Game 11, Athletics at Mariners – Hit Enough, And You Won’t Have to Worry About Pitching

marc w · April 13, 2018 at 3:10 pm · Filed Under Mariners 

Mike Leake vs. Andrew Triggs, 7:10pm

The M’s return home to kick off intra-divisional play, and they await the imminent return of guys like Ben Gamel, Mike Zunino and Nelson Cruz. All of them should play at some point on this homestand, and while the timetable for Gamel’s been pushed back a day or two, Cruz may be ready to go this weekend at some point. As this TJ Cotterill piece at the TNT lays out, the M’s will have some roster decisions to make as their starters return from injury. At least initially, this “problem” can be solved by going back to only an 8 man bullpen, and sending a pitcher back to Tacoma. After that, it gets a little trickier. Would the club ditch Ichiro, who’s a platoon bat and who leaves for a defensive replacement most nights anyway? Would they option someone like Guillermo Heredia, which would mean eliminating a natural platoon partner for Gamel? Or :gasp: go to a 7 man bullpen, something seen as luxurious only a few years ago, but which might give Scott Servais night terrors today?

While the A’s and Mariners had vastly different expectations and payrolls, the two teams’ overall plans for 2018 look remarkably similar: put together a tough line-up, get just enough pitching, and then hope one of the front-runners stumbles a bit. Neither team is built to take on the Astros, and I expect both front offices would admit as much (off the record, of course). Both teams ended 2017 with very good offenses, and both teams returned most all of those players for 2018. The M’s look to have made a tremendous upgrade in CF, with Dee Gordon taking to the outfield and really taking to AL pitching. The Athletics’ offense was buoyed by a crop of somewhat under-the-radar prospects who hit the majors at the same time; their big off-season addition was picking up Jonathan Lucroy to catch. The M’s want their core to hang on while hoping for improvements in production and health from Mitch Haniger, Ben Gamel, and Dan Vogelbach/Ryon Healy. The A’s just need their young core’s strikeout rates to moderate a bit with experience, while hoping the vets they’ve brought in around them (Lucroy, Jed Lowrie) don’t collapse. They’re almost inverse tactical approaches to the same strategic goal, but in the end it’s remarkable how well it’s worked out for both.

The M’s offense was a 110 wRC+, and is keeping the M’s afloat. The A’s offense has been even better, with a 117 wRC+, and that’s against some of the better teams in the league. The A’s have scored a few more runs thus far, and Fangraphs’ projections think that’ll continue, despite the offense-suppressing stadium they call home; the A’s youngsters, led by Matt Chapman, are simply really, really good. The A’s seem to have a fatal flaw, and it’s not their hitters’ whiff rate. It’s that none of those youngsters can pitch. I’ve been wondering if Shohei Ohtani’s success might change the way MLB thinks about two-way players (“it’s a distraction” “it can’t be done” “you delay development”), and I especially wonder if the combination of exposure to Ohtani AND desperation might lead the A’s to see how well Chapman’s amazing arm would play on the mound.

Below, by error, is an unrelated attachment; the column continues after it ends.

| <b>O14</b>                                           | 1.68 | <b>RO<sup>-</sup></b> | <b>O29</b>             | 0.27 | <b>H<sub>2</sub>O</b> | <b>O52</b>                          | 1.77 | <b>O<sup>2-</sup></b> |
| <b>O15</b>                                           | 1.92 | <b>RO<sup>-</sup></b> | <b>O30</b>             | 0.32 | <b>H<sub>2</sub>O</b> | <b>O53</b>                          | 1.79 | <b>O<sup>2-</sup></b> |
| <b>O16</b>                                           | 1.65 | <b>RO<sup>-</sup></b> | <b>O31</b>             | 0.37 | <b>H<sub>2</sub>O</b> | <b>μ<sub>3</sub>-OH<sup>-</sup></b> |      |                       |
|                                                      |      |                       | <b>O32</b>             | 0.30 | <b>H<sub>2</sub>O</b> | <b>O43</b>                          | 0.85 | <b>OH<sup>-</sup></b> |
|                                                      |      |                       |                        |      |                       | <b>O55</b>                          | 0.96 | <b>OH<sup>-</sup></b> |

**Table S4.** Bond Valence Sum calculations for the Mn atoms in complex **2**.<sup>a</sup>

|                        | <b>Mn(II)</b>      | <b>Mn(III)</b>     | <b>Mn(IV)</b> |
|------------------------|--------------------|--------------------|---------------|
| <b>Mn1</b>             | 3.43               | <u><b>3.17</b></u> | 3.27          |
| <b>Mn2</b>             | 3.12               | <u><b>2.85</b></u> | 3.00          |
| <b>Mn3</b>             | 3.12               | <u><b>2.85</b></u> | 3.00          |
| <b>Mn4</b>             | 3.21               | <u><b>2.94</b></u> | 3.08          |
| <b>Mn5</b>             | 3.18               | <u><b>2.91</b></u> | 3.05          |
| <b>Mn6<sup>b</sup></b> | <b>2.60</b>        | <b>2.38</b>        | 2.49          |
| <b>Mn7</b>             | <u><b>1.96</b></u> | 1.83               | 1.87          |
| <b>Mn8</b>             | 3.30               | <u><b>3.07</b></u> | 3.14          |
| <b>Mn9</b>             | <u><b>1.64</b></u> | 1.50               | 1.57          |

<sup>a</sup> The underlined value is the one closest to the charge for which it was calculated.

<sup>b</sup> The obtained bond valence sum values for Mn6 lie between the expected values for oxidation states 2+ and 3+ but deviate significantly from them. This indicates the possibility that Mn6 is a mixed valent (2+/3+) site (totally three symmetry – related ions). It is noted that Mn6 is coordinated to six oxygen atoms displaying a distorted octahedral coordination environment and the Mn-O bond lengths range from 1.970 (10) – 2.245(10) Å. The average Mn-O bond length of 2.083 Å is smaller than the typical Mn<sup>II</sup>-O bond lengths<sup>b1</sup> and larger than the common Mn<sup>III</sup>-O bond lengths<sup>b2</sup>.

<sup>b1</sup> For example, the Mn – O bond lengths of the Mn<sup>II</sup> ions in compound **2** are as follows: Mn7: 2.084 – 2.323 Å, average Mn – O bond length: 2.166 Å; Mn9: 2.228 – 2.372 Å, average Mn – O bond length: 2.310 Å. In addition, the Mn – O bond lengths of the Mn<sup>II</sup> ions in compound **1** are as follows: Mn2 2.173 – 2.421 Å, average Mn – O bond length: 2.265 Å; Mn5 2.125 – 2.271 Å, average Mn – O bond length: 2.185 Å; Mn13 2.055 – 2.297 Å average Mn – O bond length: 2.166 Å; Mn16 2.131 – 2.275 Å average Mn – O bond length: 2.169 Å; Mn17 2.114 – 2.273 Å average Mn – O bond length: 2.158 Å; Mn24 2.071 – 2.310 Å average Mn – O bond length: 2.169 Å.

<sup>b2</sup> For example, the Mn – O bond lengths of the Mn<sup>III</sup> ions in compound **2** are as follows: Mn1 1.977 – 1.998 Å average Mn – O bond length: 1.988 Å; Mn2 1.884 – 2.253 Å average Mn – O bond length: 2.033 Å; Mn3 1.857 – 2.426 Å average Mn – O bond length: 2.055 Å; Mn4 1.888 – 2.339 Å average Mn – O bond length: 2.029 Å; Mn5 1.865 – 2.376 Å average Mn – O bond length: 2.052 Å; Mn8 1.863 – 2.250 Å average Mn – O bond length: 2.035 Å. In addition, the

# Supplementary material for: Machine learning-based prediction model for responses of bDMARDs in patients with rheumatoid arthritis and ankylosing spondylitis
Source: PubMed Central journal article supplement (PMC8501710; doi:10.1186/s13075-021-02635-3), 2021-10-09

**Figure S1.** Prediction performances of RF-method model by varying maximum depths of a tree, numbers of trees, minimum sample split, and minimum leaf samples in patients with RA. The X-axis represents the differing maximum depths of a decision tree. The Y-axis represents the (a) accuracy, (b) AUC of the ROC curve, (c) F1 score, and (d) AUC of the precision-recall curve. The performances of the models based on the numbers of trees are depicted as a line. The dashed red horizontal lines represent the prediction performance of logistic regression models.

The A’s and M’s both entered 2018 with a few reasons to expect that their pitchers would hold up their (short) end of the bargain. The M’s had a full year of Mike Leake, more bullpen options, and expected growth from guys like Marco Gonzales. The A’s hoped for better health, and then bounceback/regression-to-the-mean years from Jharel Cotton/Daniel Mengden, while their top prospect, AJ Puk, cooled his jets in AAA. Yes, at one point, it looked like the A’s might have the superior starting pitching depth. Unfortunately for both teams, that depth would soon get tested. The M’s lost Erasmo Ramirez to a lat injury, and then their bullpen took a hit with injuries to David Phelps and Nick Rumbelow. The A’s had it even worse, losing Cotton to a blown elbow, and then losing Puk to TJ surgery as well. The M’s get Erasmo back momentarily (he pitched in AAA last night), but A’s fans will see a whole lot of mediocre Daniels Gossett and Mengden this season.

With opening day starter Kendall Graveman looking terrible through 3 starts, this club desperately needs someone to step up. Sean Manaea has shown signs that he might finally develop into a better-than-average starter, but the A’s best chance at darkhorse contention is a full, healthy, solid season from tonight’s starter, Andrew Triggs. Triggs was a reliever in the Royals and then Orioles system, which makes sense given his lack of velocity and sidearm release (he profiles as a ROOGY type). But some tweaks to his delivery have made him a shockingly deceptive pitcher, which is essentially the only way to explain how a sinkerballer throwing 89 and releasing the ball from near the third base line can be as effective against lefties as Triggs has been. The problem is that Triggs hasn’t been able to stay healthy. He started out 2017 like an out-of-nowhere star, then spent his last 10 or so innings hurting and getting pounded mercilessly, and spending most of the year on the DL. His sinker has essentially the same movement as ex-M’s reliever Carson Smith’s, albeit without Smith’s velocity. He backs that up with a sweeping curve that again looks a bit like a slower, even more frisbee-like, version of Smith’s slider. Like Smith, Triggs’ pitch movement and pitch mix looks like it should produce huge platoon splits, but it…doesn’t.